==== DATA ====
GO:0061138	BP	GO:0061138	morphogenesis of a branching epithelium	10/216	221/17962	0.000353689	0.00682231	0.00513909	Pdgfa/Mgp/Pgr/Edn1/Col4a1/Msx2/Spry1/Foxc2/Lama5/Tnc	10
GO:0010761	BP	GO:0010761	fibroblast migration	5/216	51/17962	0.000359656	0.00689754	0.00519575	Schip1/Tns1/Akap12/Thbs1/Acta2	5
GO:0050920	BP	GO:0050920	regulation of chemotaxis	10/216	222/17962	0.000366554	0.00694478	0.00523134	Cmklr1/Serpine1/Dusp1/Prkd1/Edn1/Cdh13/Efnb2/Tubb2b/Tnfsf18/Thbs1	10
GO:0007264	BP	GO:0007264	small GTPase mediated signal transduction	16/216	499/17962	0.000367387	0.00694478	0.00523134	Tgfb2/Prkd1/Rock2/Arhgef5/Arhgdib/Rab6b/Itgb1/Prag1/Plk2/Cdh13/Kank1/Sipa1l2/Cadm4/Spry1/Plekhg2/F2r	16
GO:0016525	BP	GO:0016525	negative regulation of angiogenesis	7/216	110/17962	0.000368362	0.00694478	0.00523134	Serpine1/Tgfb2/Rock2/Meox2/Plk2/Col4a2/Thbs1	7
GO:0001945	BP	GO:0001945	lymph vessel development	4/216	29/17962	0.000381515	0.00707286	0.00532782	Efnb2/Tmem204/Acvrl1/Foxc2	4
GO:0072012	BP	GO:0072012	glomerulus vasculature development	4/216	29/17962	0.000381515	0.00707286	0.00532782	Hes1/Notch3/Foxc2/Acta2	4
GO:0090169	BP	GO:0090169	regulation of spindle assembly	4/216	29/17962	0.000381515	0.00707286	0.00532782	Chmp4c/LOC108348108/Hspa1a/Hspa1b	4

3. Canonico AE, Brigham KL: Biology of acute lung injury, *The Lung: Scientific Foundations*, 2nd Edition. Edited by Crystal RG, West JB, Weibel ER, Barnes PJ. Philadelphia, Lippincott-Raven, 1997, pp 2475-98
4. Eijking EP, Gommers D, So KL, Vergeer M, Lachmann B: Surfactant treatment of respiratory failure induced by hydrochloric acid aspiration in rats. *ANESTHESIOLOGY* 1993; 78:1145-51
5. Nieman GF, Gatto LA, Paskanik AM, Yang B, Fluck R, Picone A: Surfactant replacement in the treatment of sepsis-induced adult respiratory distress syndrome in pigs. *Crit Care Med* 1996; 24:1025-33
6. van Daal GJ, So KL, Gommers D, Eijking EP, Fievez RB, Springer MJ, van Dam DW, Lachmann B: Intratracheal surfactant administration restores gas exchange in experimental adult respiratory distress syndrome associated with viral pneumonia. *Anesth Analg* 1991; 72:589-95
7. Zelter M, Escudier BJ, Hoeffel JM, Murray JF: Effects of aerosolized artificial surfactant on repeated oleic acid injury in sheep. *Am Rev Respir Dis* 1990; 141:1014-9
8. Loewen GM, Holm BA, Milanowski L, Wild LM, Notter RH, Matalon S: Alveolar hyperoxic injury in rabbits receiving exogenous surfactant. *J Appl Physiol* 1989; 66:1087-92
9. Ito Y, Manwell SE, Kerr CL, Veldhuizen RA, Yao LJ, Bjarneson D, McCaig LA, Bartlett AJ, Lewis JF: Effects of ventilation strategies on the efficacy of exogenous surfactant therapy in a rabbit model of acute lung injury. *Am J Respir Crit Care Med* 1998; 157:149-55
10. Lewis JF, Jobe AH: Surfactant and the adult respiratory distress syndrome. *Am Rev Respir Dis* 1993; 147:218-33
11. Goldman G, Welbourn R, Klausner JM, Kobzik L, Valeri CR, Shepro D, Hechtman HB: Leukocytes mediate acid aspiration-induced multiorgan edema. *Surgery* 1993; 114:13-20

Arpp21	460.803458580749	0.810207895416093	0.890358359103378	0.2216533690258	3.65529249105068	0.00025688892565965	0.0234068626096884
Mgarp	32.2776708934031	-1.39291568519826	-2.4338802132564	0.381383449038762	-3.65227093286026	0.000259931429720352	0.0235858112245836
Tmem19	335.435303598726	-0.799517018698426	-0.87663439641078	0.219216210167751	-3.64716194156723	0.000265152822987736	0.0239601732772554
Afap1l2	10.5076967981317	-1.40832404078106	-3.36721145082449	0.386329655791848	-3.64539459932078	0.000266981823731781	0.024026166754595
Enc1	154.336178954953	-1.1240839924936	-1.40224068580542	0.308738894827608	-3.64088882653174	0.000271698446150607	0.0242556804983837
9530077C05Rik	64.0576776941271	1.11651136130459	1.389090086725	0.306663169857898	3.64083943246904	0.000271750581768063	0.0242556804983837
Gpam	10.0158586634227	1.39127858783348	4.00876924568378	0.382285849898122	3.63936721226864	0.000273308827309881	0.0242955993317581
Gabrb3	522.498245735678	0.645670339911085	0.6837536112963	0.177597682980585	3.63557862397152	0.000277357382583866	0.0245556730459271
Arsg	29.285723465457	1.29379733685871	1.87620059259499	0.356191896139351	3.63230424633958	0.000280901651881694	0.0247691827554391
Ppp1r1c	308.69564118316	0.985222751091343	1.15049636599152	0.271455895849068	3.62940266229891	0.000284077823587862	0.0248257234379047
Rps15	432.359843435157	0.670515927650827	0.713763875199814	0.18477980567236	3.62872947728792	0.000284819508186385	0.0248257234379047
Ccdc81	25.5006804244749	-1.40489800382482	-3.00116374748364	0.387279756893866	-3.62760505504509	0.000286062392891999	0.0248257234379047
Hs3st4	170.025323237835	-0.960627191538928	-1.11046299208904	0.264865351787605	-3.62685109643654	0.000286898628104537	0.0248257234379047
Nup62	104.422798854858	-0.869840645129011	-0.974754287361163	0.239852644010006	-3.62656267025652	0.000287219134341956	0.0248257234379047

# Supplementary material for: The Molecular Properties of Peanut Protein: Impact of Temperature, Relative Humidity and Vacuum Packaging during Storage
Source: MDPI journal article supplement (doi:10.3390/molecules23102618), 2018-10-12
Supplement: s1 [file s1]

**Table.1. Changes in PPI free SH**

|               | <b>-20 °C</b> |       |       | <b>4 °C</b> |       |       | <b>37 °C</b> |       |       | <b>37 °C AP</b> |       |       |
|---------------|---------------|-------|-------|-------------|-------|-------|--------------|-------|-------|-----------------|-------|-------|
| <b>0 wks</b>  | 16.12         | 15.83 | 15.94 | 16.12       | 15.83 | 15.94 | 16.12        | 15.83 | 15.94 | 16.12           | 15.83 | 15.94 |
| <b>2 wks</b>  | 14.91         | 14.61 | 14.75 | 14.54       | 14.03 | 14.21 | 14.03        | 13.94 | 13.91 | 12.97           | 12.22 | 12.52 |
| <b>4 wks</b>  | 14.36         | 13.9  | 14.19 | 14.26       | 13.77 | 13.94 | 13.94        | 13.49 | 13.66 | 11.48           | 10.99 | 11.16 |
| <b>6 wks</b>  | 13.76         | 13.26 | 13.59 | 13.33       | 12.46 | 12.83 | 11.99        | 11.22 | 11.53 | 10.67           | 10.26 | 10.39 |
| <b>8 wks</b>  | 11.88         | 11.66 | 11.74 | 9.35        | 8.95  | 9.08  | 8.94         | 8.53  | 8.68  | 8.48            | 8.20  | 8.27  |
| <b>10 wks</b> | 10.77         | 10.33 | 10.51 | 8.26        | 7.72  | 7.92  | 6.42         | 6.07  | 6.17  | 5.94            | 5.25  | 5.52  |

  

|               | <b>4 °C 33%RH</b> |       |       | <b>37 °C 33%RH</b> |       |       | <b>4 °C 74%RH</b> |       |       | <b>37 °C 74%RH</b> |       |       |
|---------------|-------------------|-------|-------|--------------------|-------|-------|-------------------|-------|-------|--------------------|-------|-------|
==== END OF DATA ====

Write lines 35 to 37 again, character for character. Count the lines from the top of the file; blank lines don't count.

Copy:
**Table.1. Changes in PPI free SH**

|               | <b>-20 °C</b> |       |       | <b>4 °C</b> |       |       | <b>37 °C</b> |       |       | <b>37 °C AP</b> |       |       |
|---------------|---------------|-------|-------|-------------|-------|-------|--------------|-------|-------|-----------------|-------|-------|